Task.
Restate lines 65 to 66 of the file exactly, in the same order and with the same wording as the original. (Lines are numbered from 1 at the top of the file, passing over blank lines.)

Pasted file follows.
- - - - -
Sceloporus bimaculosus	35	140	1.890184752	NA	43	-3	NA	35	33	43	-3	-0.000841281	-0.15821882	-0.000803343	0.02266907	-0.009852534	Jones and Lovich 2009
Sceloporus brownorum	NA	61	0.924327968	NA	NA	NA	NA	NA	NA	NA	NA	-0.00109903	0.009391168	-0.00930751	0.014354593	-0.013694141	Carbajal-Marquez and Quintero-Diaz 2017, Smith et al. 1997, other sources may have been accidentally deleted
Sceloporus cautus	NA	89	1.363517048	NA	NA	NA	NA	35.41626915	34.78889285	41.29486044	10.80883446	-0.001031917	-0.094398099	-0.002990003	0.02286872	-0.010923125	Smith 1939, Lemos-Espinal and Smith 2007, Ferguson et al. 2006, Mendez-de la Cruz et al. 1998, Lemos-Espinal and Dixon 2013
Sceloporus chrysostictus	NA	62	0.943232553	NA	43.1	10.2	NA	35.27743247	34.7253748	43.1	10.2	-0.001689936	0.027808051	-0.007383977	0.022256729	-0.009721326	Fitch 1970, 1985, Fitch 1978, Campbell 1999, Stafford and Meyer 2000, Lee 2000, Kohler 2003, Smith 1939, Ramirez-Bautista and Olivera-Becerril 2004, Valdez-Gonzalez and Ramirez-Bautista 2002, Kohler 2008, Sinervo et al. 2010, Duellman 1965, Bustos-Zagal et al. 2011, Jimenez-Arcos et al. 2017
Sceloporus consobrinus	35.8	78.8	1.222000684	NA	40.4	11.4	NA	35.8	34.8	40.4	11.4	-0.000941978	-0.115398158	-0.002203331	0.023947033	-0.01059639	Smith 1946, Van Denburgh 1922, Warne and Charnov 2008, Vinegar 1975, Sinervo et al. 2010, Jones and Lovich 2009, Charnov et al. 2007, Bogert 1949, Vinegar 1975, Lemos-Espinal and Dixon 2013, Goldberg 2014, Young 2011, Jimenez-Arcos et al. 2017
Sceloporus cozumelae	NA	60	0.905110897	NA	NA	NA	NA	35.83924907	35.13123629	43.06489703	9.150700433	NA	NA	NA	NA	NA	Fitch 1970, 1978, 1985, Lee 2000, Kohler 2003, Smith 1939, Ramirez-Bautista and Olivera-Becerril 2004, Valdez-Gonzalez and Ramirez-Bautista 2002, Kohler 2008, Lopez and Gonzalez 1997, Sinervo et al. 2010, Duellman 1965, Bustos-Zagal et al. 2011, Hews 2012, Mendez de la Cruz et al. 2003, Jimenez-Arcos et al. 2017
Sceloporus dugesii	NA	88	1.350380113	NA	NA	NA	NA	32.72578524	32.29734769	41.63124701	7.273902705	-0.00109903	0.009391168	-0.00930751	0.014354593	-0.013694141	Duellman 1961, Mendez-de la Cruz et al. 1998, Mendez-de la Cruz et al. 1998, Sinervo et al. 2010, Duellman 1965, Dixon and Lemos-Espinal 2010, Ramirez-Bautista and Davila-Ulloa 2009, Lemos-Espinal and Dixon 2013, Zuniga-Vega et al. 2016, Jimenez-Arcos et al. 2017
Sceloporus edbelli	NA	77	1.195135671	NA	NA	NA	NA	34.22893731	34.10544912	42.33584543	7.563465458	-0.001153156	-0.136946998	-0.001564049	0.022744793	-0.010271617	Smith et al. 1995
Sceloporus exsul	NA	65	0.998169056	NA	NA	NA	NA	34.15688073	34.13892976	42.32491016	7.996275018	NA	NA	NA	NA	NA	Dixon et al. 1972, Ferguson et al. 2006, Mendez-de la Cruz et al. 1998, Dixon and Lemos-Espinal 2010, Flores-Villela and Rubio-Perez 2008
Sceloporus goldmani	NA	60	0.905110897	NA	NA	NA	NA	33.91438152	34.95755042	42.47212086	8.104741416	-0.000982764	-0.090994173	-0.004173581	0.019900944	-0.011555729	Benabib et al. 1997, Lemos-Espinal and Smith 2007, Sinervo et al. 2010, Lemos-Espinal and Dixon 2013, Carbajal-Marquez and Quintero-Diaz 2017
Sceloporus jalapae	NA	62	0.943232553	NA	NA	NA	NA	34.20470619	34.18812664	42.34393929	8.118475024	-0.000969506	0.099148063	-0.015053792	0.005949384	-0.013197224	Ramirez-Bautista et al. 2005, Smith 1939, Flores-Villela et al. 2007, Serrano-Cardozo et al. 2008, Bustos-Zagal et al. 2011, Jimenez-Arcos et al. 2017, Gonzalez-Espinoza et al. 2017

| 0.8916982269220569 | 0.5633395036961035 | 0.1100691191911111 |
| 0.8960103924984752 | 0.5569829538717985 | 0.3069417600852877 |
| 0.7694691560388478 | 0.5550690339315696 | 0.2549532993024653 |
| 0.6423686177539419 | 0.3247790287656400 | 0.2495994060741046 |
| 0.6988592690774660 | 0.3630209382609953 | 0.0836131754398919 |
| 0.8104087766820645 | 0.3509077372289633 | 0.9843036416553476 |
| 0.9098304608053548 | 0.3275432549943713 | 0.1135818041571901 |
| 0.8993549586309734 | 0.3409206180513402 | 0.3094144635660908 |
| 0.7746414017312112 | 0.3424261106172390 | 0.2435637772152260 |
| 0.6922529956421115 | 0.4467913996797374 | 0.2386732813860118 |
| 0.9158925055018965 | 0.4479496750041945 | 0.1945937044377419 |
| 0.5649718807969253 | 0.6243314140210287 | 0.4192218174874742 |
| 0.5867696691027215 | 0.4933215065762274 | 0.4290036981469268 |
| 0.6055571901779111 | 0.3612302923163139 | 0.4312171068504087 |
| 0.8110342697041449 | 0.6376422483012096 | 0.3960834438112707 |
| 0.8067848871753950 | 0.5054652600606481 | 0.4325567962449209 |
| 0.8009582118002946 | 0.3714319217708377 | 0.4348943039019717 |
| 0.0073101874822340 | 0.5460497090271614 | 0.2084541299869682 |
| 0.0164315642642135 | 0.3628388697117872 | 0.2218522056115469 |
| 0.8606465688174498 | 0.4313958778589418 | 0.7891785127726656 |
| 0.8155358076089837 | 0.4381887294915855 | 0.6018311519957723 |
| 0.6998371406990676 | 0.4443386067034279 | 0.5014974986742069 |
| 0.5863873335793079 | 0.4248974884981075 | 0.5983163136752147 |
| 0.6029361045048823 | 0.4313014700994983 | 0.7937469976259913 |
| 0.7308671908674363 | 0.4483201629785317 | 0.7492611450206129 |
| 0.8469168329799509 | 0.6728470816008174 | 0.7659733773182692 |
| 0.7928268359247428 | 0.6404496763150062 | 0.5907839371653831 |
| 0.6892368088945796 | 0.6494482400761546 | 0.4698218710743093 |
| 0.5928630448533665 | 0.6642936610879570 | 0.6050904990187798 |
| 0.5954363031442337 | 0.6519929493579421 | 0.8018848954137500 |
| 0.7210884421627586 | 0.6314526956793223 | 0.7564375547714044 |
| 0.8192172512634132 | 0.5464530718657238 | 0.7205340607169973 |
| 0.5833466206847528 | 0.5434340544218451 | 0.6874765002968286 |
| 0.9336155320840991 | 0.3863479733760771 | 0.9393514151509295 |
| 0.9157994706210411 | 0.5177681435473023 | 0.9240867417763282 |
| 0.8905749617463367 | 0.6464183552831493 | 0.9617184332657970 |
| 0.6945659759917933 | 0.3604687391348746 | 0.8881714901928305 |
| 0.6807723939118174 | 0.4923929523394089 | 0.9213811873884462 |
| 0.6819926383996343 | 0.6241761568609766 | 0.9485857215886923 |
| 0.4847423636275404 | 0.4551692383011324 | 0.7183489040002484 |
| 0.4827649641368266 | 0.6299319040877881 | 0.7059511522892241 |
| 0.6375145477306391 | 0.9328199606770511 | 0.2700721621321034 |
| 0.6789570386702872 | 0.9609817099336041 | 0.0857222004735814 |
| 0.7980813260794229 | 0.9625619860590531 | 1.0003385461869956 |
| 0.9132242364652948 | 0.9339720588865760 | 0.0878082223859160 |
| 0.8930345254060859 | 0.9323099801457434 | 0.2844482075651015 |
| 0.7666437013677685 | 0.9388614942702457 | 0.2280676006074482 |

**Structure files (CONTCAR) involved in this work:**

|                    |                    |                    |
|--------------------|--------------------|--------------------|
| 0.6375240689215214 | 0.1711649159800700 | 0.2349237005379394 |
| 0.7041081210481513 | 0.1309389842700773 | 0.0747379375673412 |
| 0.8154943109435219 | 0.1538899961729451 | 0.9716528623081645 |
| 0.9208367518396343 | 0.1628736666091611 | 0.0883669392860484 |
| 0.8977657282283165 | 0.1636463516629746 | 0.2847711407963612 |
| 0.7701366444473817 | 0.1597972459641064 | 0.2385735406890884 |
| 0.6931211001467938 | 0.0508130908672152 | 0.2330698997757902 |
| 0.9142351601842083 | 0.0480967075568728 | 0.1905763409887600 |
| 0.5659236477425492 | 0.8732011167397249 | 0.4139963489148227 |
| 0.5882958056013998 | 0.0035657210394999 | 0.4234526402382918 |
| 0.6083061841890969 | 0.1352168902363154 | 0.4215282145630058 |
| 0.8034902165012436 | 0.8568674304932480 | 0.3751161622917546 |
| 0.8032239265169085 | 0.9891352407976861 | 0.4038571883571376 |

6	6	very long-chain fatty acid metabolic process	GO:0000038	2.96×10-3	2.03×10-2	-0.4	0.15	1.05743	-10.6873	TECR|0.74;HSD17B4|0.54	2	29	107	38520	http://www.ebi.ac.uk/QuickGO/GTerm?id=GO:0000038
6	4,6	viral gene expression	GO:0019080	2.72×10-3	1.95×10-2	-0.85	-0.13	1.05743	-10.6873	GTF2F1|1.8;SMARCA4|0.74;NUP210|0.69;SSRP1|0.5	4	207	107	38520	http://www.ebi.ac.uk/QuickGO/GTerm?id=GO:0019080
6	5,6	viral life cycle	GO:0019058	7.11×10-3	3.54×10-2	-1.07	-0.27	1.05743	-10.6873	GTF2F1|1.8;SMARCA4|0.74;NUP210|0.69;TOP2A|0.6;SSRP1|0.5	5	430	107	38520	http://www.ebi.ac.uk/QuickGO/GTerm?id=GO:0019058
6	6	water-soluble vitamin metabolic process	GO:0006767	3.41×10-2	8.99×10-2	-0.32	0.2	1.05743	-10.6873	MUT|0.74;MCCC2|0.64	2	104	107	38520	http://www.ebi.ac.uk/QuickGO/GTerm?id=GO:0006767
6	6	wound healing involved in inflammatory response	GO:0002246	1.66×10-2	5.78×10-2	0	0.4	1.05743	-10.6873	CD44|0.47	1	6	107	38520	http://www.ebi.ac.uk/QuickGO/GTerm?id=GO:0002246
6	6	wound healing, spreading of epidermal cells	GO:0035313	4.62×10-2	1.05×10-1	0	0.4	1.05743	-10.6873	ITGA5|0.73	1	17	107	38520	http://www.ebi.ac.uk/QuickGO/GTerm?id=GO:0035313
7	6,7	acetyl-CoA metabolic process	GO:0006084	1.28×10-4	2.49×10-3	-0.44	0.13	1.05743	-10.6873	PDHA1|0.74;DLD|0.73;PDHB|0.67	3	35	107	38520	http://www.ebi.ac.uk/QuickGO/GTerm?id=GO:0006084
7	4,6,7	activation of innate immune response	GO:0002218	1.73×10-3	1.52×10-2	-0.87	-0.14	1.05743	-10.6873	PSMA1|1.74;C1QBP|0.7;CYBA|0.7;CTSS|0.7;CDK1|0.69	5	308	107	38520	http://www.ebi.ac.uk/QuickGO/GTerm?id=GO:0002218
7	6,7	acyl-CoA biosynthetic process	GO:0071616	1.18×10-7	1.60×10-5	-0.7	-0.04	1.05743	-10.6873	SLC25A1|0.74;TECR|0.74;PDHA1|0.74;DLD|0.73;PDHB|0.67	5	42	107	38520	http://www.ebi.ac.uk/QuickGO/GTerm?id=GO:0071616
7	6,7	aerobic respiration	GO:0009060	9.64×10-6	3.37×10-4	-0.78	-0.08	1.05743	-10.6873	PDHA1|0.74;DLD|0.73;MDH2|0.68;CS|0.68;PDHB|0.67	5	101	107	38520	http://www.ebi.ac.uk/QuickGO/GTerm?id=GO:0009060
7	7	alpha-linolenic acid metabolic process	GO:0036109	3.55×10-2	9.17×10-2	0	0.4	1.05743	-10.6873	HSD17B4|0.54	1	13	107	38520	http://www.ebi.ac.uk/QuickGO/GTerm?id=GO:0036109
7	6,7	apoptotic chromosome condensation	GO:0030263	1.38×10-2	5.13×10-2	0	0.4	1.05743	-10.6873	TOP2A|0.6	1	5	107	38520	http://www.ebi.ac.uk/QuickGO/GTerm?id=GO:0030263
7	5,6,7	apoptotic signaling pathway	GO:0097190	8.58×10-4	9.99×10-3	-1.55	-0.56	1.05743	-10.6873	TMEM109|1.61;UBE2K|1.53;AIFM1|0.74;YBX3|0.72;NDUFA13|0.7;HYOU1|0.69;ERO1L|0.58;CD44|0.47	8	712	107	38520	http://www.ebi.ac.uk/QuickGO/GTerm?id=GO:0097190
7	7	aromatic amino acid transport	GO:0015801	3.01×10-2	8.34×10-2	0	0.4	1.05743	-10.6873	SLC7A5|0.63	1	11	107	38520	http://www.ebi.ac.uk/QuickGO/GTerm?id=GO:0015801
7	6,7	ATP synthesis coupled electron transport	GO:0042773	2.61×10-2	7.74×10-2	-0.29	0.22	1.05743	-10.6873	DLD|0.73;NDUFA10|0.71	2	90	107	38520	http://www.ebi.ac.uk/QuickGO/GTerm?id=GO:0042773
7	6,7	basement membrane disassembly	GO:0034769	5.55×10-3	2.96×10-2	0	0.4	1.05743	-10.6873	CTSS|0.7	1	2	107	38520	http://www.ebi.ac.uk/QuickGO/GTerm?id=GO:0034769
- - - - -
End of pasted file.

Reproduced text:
| 0.9208367518396343 | 0.1628736666091611 | 0.0883669392860484 |
| 0.8977657282283165 | 0.1636463516629746 | 0.2847711407963612 |